Unaccompanied Youth Experiencing Homelessness

This resource provides information about unaccompanied youth experiencing homelessness.

Unaccompanied Youth Experiencing Homelessness

On a given night in January 2010i:

  • Unaccompanied youth represented 1.1% of the sheltered adult population

Other estimates of the prevalence of youth homelessness:

  • A 1998 national study of the prevalence of homelessness among youths living in households was 7.6%ii.
  • In 2007, researchers estimated that this translates to a national prevalence of 1.6 million youth experiencing homelessness each yeariii.
  • 1996 NSHAPC data found that 12% of all homeless clients were youth ages 17-24.

Age, Gender & Race/Ethnicity

  • The majority of homeless youth are ages 13 or olderiv.
  • Multiple studies show that homelessness among youth is more common among males, particularly among street-involved youth. Some samples of youth in shelters show more females than malesv. However, depending on the sample, gender distribution varies.
  • Studies show differing compositions of race/ethnicity among homeless youth. Some show no difference among homeless youth and other youth in their surrounding areas; other found disproportionate representation among racial/ethnic minority youth who become homelessvi.

Serious Mental Illness, Traumatic Stress, & Substance Use

Among homeless youth, when compared to housed peers or the general adolescent populationvii:

  • Rates of mood disorders, suicide attempts, conduct disorders, and post-traumatic stress disorder are higher.
  • Risk for mental health problems is higher among street-involved homeless youth than youth who are homeless but not living on the streets.
  • Risk of alcohol or drug abuse or dependence is higher.

Youth who are homeless:

  • Are more likely to have histories of physical or sexual abuseviii ix x.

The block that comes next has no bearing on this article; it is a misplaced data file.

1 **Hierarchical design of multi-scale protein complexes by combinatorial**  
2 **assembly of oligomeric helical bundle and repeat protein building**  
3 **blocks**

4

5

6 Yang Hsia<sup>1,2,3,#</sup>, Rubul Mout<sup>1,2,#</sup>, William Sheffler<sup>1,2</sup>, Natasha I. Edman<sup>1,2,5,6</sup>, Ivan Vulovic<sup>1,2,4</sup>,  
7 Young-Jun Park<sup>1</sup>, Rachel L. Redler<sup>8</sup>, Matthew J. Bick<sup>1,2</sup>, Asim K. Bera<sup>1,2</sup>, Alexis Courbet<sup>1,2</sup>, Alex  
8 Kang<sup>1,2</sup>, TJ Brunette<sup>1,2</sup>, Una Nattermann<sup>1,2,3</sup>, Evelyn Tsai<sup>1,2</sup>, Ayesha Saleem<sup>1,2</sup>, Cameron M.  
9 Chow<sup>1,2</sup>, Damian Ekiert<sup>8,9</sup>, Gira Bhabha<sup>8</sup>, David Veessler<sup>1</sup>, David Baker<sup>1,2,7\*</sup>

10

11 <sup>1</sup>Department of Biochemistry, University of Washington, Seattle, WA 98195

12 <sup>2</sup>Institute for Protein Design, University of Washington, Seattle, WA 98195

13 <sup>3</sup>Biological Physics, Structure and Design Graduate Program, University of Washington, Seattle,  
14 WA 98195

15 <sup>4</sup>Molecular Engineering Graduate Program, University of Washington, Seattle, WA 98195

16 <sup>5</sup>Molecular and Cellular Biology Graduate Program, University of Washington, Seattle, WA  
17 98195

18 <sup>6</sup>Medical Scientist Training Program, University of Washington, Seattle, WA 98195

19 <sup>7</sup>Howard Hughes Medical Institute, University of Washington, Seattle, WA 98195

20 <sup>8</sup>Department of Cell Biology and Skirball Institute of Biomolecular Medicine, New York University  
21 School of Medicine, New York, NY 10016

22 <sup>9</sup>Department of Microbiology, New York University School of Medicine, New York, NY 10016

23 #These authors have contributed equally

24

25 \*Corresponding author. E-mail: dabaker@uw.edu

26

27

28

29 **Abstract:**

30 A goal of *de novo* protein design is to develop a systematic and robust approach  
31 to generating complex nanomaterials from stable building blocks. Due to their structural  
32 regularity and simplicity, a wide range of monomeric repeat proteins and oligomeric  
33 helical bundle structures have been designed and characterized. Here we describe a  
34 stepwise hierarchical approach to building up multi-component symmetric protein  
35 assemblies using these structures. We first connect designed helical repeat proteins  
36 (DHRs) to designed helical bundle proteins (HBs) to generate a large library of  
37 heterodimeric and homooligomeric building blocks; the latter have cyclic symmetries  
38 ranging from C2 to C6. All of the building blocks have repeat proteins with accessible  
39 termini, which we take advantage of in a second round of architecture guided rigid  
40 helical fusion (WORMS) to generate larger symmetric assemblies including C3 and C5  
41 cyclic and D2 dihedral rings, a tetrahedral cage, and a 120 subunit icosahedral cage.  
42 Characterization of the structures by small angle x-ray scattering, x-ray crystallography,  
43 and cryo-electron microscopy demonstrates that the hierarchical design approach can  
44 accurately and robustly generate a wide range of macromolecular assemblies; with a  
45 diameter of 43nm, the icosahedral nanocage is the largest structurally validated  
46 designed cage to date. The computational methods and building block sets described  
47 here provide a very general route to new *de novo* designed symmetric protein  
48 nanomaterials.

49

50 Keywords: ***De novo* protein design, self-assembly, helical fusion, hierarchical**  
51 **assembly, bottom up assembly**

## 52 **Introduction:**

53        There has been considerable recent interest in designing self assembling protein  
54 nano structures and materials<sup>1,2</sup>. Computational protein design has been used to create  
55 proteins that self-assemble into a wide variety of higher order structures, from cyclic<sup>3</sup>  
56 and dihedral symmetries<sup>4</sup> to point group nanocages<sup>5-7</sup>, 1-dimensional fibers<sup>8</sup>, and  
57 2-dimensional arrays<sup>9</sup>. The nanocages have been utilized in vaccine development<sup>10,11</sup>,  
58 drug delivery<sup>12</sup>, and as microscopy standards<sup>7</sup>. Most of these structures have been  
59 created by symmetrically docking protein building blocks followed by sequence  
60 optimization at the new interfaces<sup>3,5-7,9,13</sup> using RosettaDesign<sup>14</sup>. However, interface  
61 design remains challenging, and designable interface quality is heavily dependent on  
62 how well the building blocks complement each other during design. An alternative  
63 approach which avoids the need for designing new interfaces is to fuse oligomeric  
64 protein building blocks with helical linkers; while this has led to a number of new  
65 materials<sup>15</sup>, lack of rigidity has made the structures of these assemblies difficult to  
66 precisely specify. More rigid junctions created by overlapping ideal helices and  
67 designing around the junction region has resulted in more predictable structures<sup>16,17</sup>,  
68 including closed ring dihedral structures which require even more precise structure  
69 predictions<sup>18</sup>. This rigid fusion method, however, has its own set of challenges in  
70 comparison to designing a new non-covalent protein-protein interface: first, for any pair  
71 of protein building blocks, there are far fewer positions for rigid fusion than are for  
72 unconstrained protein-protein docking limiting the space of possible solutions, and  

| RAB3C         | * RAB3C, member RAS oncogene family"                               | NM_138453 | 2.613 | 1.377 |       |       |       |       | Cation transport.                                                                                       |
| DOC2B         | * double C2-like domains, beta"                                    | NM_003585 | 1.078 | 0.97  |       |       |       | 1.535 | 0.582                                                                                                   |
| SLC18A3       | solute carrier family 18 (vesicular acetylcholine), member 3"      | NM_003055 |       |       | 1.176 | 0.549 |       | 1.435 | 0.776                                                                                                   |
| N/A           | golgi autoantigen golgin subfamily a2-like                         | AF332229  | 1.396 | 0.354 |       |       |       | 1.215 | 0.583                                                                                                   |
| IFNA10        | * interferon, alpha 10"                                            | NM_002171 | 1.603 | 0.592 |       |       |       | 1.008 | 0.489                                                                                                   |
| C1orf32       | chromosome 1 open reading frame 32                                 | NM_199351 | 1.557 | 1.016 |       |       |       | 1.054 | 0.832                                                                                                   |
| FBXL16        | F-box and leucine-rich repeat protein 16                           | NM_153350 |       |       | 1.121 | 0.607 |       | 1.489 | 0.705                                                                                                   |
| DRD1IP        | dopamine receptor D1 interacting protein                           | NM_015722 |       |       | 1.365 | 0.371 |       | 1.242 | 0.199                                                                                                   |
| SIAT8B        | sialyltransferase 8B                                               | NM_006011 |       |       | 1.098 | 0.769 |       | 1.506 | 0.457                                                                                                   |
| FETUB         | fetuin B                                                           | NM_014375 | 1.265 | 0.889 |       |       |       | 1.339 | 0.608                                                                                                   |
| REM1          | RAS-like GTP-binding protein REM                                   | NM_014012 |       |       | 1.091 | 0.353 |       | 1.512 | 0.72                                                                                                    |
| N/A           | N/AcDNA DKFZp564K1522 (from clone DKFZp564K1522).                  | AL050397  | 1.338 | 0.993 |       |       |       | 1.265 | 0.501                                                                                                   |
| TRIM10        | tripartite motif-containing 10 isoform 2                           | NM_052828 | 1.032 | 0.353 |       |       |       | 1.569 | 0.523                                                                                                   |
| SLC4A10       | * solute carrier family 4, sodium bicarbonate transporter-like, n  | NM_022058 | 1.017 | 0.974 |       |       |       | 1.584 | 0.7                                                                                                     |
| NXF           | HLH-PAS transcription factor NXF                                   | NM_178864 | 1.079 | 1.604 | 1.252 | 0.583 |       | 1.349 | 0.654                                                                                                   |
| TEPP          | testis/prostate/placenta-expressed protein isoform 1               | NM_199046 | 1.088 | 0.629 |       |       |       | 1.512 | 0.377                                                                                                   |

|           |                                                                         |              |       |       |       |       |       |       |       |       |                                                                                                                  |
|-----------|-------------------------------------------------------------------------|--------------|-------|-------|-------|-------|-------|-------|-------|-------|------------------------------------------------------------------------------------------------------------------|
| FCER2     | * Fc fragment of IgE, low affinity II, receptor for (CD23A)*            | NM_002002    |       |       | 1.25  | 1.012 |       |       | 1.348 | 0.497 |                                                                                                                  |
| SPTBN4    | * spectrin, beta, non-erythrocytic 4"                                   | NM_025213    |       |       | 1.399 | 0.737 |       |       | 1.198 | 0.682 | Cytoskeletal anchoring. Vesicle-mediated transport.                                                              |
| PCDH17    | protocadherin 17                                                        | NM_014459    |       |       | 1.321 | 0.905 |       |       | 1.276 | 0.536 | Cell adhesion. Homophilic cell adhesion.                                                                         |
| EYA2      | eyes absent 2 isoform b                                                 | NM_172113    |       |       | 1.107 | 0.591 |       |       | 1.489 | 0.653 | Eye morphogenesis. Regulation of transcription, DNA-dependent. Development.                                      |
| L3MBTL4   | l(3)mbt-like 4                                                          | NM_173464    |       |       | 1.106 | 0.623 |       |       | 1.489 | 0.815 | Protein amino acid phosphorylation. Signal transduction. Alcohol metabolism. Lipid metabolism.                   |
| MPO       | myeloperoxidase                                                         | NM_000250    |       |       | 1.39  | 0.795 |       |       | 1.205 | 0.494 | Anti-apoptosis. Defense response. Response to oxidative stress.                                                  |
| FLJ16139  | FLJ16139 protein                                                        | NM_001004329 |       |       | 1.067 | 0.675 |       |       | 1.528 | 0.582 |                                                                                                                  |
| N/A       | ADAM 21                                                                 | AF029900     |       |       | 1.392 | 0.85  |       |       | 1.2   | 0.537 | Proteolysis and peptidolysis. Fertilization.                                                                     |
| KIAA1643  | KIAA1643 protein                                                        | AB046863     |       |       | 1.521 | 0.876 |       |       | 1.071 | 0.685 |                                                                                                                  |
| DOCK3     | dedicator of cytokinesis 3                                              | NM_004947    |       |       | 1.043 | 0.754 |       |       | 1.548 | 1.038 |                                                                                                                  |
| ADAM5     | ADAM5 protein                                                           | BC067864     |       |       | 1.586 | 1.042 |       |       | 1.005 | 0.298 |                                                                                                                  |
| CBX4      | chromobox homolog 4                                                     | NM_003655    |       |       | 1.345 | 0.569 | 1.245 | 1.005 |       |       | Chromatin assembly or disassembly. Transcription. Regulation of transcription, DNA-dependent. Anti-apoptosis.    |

• Often experience trauma prior to becoming homeless and are at increased risk of trauma after they become homelessxi.

Research on rates of post-traumatic stress among homeless youth is minimal, but a 1989 study in Hollywood, CA found that rates were up to three times higher than their housed peersxii.

Sexual Identity/Orientation

Youth who are LGBTQI2-S1 and Homeless

In 2007, the National Alliance to End Homelessness analyzed 17 research studies to estimate that 20% of youth who are homeless identify as LGBTQ2 xiii. Other prevalence estimates range from 6% to 35% of youth who are homelessxiv.

  • These youth often leave home because of family rejection or conflictxv xvi
  • Youth who are LGBTQI2-S and homeless are at high risk for substance use, mental health issues, self-harming behavior, and sexually transmitted diseasesxvii
  • Youth who are LGBTQ experience sexual victimization before becoming homeless at twice the rate of their heterosexual peersxviii
  • LGBTQ youth who are homeless are more likely to attempt suicide than heterosexual peers who are homelessxix
  • Compared to heterosexual homeless youth, LGB homeless youth experience post-traumatic stress disorder (PTSD) more often (47% compared to 33%)
    • Lesbian youth who are homeless have particularly high rates of PTSD (59%)xx
  • LGBT homeless youth are more likely than heterosexual homeless youth to report experiencing neglect, physical victimization, sexual victimization by a caretaker, and sexual victimization on the streetxxi
  • Research indicates that LGBT youth who are homeless will experience 7.4 more acts of violence than their heterosexual peersxxii

Foster Care Involvement

Estimates of youth involvement in foster care range from 13.8%-53%xxiii xxiv.

  • Research on a sample of 1087 interviews with alumni of foster care found that 22% experienced homelessness at some point in the year following discharge from the system. 42% experienced homelessness for one or more nights at some point in their lives following foster carexxv.
  • Research on a sample of 603 foster youth showed that 13.8% experienced homelessness at some point after leaving foster carexxvi.

According to data from the 1996 NSHAPC study, 27% of all homeless clients reported living in foster care, a group home, or other institutional settingxxvii.

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Publication Date: 
Rockville, MD, USA